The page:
Louisiana's Fraud on the Market Theory

Plaintiffs sue entirely on Louisiana state law theories, all of which require proof of causation.*fn18 They therefore are obliged to adduce admissible evidence that, if credited, would be sufficient to permit a finding of proximate cause. They argue that they are entitled to recover because defendants misled patients and the medical community concerning the safety and efficacy of Rezulin in consequence of which, they claim, Louisiana was called upon to reimburse for prescriptions that otherwise would not have been written at prices that otherwise could not have been charged. This, as defendants maintain, is "a quintessential fraud-on-the-market" theory.

The fraud-on-the-market theory is a creature of the federal securities laws. As the Second Circuit recognized not long ago, "courts repeatedly have refused to apply the fraud on the market theory to state common law cases despite its widespread acceptance in the federal securities fraud context."*fn19 Only this year, the New Jersey Supreme Court reversed a grant of class certification and rejected application of the fraud-on-the market theory in a suit relating to the ethical drug Vioxx in circumstances identical to those at Bar.*fn20 Other cases are to similar effect.*fn21 Plaintiffs have given the Court no reason to believe that Louisiana's Supreme Court would reach a different result.*fn22 Plaintiffs' reliance on two RICO decisions by Judge Weinstein*fn23 therefore is misplaced.*fn24

Finally, plaintiffs seek to draw comfort from the Second Circuit's decision in DeSiano v. Warner-Lambert Co.,*fn25 where it upheld the legal sufficiency of a complaint by health benefit plan providers ("HBPs"). But DeSiano made clear that it upheld the complaint because the HBP plaintiffs alleged that they themselves had been misled as purchasers of the drug:

"In the instant case, . . . Plaintiffs allege an injury directly to themselves; an injury, moreover, that is unaffected by whether any given patient who ingested Rezulin became ill. Plaintiffs' claim is that the Defendants' wrongful action was their misrepresentation of Rezulin's safety, and that this fraud directly caused economic loss to them [i.e., to the third-party payers] as purchasers, since they would not have bought Defendants' product, rather than available cheaper alternatives, had they not been misled by Defendants' misrepresentations. Thus the damages -- the excess money Plaintiffs paid Defendants for the Rezulin that they claim they would not have purchased 'but for' Defendants' fraud -- were in no way 'derivative of damage to a third party.'"*fn26

Here, in contrast, plaintiffs allege that they were injured because patients and the medical community were misled. The undisputed facts show that Louisiana allegedly was injured only because it was obligated by law to pay for the drugs prescribed for Medicaid recipients and not because Louisiana itself was deceived. DeSiano therefore has no bearing here.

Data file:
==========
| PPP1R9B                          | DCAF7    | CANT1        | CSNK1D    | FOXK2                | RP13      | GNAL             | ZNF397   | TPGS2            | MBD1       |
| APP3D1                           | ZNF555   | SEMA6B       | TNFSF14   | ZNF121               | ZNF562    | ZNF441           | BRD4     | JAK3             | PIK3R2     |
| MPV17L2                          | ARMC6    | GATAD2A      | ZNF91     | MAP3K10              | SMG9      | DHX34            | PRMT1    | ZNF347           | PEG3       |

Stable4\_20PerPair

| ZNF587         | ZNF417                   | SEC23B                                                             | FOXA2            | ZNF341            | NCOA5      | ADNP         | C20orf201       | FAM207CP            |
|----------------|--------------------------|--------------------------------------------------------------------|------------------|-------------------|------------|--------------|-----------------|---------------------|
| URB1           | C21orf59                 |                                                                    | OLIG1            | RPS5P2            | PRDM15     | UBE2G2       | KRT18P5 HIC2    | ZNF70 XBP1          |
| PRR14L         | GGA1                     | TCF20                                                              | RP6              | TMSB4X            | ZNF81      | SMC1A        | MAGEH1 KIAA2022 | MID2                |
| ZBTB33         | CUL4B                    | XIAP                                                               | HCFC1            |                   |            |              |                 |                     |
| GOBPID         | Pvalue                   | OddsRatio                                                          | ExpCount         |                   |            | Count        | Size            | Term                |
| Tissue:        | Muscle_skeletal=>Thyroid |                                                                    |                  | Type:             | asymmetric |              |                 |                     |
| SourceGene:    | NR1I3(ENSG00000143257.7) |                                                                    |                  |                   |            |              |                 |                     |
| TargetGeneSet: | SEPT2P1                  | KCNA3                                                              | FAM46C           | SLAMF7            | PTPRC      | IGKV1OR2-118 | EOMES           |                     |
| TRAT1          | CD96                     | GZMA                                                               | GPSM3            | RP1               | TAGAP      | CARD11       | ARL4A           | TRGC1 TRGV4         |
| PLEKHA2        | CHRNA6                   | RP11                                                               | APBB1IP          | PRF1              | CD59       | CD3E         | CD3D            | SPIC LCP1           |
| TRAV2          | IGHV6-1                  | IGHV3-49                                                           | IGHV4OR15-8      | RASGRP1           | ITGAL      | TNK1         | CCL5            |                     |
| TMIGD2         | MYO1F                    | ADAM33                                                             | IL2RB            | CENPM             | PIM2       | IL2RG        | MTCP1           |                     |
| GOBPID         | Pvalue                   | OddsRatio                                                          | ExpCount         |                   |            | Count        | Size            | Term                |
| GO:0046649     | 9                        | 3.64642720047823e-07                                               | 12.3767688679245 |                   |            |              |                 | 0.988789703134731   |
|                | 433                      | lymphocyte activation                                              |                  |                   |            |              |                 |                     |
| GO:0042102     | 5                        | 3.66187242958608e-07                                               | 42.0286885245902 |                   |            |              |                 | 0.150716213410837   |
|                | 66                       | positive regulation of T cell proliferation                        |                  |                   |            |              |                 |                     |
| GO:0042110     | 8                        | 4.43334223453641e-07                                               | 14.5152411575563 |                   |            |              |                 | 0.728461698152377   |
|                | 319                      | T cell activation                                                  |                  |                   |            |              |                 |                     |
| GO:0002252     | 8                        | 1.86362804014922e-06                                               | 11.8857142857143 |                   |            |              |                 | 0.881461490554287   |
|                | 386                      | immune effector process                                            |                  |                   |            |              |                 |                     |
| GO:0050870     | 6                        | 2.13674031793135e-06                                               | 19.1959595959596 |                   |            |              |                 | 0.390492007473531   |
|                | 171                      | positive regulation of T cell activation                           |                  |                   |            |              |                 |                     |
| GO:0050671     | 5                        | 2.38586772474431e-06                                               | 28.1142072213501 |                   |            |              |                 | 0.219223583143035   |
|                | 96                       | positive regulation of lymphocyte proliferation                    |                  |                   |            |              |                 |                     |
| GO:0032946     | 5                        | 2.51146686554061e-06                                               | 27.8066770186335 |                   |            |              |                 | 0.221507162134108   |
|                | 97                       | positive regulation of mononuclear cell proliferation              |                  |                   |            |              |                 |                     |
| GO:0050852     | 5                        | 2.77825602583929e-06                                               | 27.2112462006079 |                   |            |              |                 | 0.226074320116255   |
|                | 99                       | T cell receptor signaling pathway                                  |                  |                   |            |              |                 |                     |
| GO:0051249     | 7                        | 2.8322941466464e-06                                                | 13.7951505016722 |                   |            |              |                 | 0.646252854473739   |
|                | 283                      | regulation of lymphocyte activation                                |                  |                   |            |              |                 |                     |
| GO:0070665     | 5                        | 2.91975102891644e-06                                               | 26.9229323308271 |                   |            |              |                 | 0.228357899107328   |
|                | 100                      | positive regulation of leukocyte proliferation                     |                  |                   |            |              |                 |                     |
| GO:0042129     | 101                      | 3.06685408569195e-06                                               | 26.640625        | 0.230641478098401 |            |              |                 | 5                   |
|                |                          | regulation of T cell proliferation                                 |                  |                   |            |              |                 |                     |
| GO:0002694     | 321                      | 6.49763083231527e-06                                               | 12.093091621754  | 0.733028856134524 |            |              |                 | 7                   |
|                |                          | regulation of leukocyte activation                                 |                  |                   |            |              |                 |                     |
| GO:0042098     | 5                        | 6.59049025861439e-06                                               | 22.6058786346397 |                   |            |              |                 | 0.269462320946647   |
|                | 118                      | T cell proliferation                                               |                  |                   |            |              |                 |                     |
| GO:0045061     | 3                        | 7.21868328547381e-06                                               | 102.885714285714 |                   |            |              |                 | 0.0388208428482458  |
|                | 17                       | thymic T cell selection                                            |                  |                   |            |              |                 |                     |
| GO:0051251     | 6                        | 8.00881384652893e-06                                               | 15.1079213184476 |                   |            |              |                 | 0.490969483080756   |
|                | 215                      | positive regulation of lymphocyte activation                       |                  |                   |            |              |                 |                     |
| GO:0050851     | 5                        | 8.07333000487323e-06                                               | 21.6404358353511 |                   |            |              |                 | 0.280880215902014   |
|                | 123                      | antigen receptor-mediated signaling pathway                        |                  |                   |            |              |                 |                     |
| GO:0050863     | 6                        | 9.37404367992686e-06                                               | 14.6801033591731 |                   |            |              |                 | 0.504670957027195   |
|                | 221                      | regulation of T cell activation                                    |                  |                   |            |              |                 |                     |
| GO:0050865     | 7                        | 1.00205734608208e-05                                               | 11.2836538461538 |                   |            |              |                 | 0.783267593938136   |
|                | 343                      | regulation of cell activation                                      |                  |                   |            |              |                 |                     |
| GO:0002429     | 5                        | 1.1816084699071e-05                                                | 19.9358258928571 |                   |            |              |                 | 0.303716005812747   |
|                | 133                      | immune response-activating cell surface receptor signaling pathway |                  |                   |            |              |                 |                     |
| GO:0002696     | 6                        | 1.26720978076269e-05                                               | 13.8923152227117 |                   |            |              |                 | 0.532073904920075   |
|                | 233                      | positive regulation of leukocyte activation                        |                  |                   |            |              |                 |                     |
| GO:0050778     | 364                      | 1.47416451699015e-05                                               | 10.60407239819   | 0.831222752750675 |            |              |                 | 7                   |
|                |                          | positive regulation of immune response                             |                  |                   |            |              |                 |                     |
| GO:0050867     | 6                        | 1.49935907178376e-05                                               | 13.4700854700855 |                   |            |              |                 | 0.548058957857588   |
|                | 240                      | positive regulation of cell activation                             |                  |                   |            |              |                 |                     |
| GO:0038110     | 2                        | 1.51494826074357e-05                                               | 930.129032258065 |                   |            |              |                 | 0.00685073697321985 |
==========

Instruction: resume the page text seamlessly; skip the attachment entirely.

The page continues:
The Claim of Inadequate Discovery

Plaintiffs resist summary judgment also on the ground that they have conducted no discovery in this case and refer also to FED. R. CIV. P. 56(f). These assertions are frivolous.

As an initial matter, plaintiffs served discovery requests which the defendants answered in August 2007. The responses brought to plaintiffs' attention the comprehensive discovery already conducted over a period of years by the Plaintiffs' Executive Committee. Plaintiffs to this day have not indicated any dissatisfaction with defendants' responses.*fn27

Even putting aside the inaccuracy of plaintiffs' claim that there has been no discovery, the fact remains that this case was docketed in this Court on September 28, 2005, over two years ago, pursuant to a Multidistrict Panel transfer. If in fact plaintiffs had conducted no discovery either prior or subsequent to the transfer, they would have had no one to blame but themselves. Their inaction cannot afford a basis for denying or deferring summary judgment.

Even more basically, this Circuit has made crystal clear the showing that is required under Rule 56(f) where a party seeks to avoid the entry of summary judgment on the ground that it believes that more discovery is necessary:

"[A] party resisting summary judgment on the ground that it needs discovery in order to defeat the motion must submit an affidavit showing '(1) what facts are sought [to resist the motion] and how they are to be obtained, (2) how those facts are reasonably expected to create a genuine issue of material fact, (3) what effort affiant has made to obtain them, and (4) why the affiant was unsuccessful in those efforts.'"*fn28

"Indeed, the failure to file such an affidavit is fatal to a claim . . . even if the party resisting the motion for summary judgment alluded to a claimed need for discovery in a memorandum of law."*fn29

Here, plaintiffs have submitted no Rule 56(f) affidavit. They have not shown what facts are sought to resist the motion and how they are to be obtained. They have made no effort to show how those facts might create a genuine issue of material fact. By their own admission, they have made no effort to obtain them. They have failed utterly to make the requisite showing.


For the foregoing reasons, defendants' motion for summary judgment dismissing the complaint [00 Civ. 2843 docket item 5030] is granted and the action dismissed.